Saturday, 12 January 2013

Laundry Soap and Bacterial Soup

I’ve just come inside from hanging the washing to dry in the garden and immediately put the washing machine on again. Nothing particularly earth-shattering about that, readers, but, a) there are no clothes in said washing machine, b) it is set at 90 degrees Centigrade and c) I’ve poured bleach into it.

No, it hasn’t all gone horribly wrong on the homestead. It’s time for A Maintenance Wash. This is something we’re supposed to do on a monthly basis, according to detergent manufacturers and washing machine manufacturers, but usually I forget, because it isn’t listed on the Sacred To Do List that is otherwise known as the Confident Mom’s Weekly Planner. Instead, I do a maintenance wash when the washing machine starts to have a bad odour or leave specks of grime (which I suspect could be mould) on the otherwise clean laundry.

One of the biggest causes of this build-up of bacterial soup is the fact that modern machines use far less water than they used to. In addition, if you use only colour detergent, liquid, liqui- tabs or any other detergent that does not contain bleach, this will increase the need to carry out a maintenance wash. (This includes green washing products such as soapnuts, ecoballs etc, all which, of course, contain no bleach).

Having read about the build-up of grime, bacteria and mould that can occur in washing machines, and seen it first-hand in my detergent dispenser drawer, I now do opt for biological powder on probably half of my laundry loads. I use Asda’s cheapest powder (Smartprice) and it seems to do the job, with no adverse affects on Prima's eczema-prone skin.

Another problem is that we are all encouraged to wash our clothes at low temperatures, using the 40, 30 or even 15 degree* cycle. Only hot washes will tackle the build-up of grime inside the machine’s drum.

It’s also crucial to keep on top of any mould problems in your detergent dispenser – particularly the section where the fabric conditioner goes. If you get the soap drawer out and look up above it you'll see a series of jets. This is where the water comes in to disperse into the drawer, and where I discovered an awful lot of black mould about six months ago. It can be tackled with bleach and a toothbrush, ideally just before a maintenance wash, to ensure that any bleach or other cleaning products are removed and do not then affect the next load that you wash.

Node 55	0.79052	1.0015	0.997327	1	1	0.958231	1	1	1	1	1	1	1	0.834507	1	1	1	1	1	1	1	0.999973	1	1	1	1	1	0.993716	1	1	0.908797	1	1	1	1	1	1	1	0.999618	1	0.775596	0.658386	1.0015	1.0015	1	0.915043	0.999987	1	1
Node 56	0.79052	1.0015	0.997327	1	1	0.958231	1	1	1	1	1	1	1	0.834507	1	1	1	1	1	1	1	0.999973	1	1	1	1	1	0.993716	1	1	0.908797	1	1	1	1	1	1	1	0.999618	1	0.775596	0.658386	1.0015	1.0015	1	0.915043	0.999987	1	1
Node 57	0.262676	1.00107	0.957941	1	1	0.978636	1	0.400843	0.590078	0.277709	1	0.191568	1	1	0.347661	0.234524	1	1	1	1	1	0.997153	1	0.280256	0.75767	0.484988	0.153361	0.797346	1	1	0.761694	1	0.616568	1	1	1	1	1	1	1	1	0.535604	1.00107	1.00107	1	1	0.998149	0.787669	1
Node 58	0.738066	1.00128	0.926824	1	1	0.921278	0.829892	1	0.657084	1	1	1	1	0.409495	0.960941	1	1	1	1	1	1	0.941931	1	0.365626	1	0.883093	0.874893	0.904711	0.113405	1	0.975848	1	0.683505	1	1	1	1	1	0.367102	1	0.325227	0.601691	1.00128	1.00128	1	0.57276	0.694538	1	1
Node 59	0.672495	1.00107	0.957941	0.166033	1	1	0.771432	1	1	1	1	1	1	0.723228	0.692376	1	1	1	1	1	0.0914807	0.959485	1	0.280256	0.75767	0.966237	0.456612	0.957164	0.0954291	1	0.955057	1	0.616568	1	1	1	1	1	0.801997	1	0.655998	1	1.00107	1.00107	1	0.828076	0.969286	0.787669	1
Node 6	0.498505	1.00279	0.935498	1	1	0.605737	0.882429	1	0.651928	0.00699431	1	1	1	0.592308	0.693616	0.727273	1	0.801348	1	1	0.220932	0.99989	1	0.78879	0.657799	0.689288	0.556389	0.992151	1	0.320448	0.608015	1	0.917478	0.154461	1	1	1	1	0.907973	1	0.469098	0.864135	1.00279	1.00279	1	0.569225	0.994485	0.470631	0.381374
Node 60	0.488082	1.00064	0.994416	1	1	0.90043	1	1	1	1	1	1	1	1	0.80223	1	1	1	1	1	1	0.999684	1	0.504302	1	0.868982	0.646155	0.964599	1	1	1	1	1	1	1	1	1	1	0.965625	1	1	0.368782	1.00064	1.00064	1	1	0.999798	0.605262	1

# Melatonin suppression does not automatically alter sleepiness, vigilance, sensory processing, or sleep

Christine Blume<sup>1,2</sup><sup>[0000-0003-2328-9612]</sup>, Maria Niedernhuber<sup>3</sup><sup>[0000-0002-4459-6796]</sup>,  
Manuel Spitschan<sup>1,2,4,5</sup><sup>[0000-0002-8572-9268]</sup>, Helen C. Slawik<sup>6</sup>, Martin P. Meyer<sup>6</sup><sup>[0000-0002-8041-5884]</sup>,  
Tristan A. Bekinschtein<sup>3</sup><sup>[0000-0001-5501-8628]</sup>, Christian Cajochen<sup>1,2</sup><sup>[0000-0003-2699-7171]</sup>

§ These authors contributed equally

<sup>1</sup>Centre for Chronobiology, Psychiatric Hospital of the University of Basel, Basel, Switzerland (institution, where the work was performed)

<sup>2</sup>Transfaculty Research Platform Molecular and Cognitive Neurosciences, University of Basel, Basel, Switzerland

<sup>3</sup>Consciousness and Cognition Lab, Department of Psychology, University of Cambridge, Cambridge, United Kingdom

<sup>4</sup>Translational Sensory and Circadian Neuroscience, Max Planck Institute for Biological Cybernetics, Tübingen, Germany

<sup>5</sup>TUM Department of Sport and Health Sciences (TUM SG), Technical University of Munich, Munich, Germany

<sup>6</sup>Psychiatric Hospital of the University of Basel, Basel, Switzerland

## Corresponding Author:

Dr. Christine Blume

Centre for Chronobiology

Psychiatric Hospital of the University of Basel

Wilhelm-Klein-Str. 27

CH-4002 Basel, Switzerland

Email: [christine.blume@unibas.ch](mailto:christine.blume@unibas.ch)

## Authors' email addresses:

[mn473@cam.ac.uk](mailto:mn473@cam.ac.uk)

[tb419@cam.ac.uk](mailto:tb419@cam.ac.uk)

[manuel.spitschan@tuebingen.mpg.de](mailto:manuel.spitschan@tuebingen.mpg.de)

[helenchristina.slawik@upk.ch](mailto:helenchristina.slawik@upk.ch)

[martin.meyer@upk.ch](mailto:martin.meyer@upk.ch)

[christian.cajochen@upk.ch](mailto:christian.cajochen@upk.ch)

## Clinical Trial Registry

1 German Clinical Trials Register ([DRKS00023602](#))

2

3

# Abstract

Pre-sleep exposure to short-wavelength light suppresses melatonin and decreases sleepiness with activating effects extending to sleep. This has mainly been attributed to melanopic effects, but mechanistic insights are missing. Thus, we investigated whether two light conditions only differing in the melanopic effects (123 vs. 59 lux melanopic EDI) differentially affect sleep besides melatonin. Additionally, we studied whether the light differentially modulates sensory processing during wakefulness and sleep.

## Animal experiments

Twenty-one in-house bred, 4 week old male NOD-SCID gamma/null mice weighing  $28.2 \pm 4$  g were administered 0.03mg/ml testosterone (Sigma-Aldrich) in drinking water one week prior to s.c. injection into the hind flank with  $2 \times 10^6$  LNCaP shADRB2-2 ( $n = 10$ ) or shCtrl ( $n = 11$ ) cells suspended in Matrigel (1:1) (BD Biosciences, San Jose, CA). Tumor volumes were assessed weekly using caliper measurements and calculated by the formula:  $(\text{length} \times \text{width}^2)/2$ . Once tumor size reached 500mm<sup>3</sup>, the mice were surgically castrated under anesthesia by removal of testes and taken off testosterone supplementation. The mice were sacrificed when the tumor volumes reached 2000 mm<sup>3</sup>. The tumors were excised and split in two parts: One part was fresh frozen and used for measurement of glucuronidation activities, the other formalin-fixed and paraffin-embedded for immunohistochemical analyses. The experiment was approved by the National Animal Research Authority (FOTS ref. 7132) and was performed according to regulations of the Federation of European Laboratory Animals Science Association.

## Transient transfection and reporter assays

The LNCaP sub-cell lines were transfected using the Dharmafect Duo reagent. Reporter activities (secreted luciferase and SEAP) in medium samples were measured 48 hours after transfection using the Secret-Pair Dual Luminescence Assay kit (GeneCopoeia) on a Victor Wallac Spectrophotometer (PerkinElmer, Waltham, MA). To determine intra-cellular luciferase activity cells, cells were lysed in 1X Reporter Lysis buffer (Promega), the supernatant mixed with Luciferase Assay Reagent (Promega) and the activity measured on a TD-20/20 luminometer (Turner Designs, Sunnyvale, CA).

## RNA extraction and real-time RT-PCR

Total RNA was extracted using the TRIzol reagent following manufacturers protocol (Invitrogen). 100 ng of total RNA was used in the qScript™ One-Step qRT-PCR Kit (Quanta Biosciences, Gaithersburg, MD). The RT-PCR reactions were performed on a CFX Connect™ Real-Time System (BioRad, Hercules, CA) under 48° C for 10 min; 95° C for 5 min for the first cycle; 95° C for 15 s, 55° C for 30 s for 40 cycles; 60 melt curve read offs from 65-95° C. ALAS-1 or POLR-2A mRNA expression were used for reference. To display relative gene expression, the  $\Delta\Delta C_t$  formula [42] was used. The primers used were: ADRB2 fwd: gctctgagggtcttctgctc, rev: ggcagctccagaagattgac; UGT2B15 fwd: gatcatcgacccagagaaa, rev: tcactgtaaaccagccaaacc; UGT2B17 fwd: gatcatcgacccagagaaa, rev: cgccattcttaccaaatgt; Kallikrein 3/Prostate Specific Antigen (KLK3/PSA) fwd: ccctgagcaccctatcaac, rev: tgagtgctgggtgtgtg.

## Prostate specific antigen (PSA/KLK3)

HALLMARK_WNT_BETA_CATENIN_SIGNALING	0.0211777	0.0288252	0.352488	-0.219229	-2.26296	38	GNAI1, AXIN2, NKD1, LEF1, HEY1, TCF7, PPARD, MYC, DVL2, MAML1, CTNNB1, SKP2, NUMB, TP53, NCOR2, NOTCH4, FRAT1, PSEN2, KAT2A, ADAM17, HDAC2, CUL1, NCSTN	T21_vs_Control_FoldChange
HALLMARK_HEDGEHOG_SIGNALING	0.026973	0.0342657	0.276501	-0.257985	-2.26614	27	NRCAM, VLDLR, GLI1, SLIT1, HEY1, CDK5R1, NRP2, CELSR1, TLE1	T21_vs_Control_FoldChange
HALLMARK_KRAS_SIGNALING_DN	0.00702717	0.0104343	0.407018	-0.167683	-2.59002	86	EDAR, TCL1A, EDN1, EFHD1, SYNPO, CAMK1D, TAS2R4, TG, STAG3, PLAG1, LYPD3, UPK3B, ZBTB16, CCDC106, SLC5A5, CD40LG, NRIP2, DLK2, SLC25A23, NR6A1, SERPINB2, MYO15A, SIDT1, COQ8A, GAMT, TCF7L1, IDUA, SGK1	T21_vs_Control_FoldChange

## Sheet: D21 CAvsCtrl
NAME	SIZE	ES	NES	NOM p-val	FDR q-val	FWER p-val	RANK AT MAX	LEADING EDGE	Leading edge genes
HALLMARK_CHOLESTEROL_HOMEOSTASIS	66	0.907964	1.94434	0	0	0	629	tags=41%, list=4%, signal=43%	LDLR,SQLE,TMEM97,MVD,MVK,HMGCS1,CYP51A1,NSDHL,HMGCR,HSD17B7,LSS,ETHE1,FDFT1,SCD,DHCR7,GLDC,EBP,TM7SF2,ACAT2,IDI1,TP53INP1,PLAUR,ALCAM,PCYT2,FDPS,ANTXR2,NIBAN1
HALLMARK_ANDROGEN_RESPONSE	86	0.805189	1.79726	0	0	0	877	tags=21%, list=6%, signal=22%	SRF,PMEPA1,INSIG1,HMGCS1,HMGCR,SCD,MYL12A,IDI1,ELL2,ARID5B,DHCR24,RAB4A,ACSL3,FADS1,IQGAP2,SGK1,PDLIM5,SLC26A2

The maintenance wash is solely to clean out your washing machine, so make sure it is empty of laundry. Common advice is that you need a good brand of bio powder or tablets to do this wash. Liquids, liquid tabs or colour detergent is of no use at all for a maintenance wash and they will not clean the insides of the washer properly as they contain no bleach or bleaching agents.

It is the bleach in the detergent that will kill the bacteria, which made me decide to just put some thin household bleach in the dispenser drawer this time. You can also use bicarbonate of soda or dishwasher cleaner, I’m told. I like to experiment! This is the only time I use the 90 degree wash (and I still get a bit of green guilt!) but I reckon it’s worth it, especially if it makes the washing machine last longer and perform better. Who knows if the skin irritations so many of us suffer from these days could perhaps be due to the fact that our clothes are often being washed in machines full of bacteria, at low temperatures and with no bleach? 

* All temperatures are in degrees Centigrade


  1. I run white vinegar through my washer ever few months.

    1. Thanks, Manuela; I'll do that next time.

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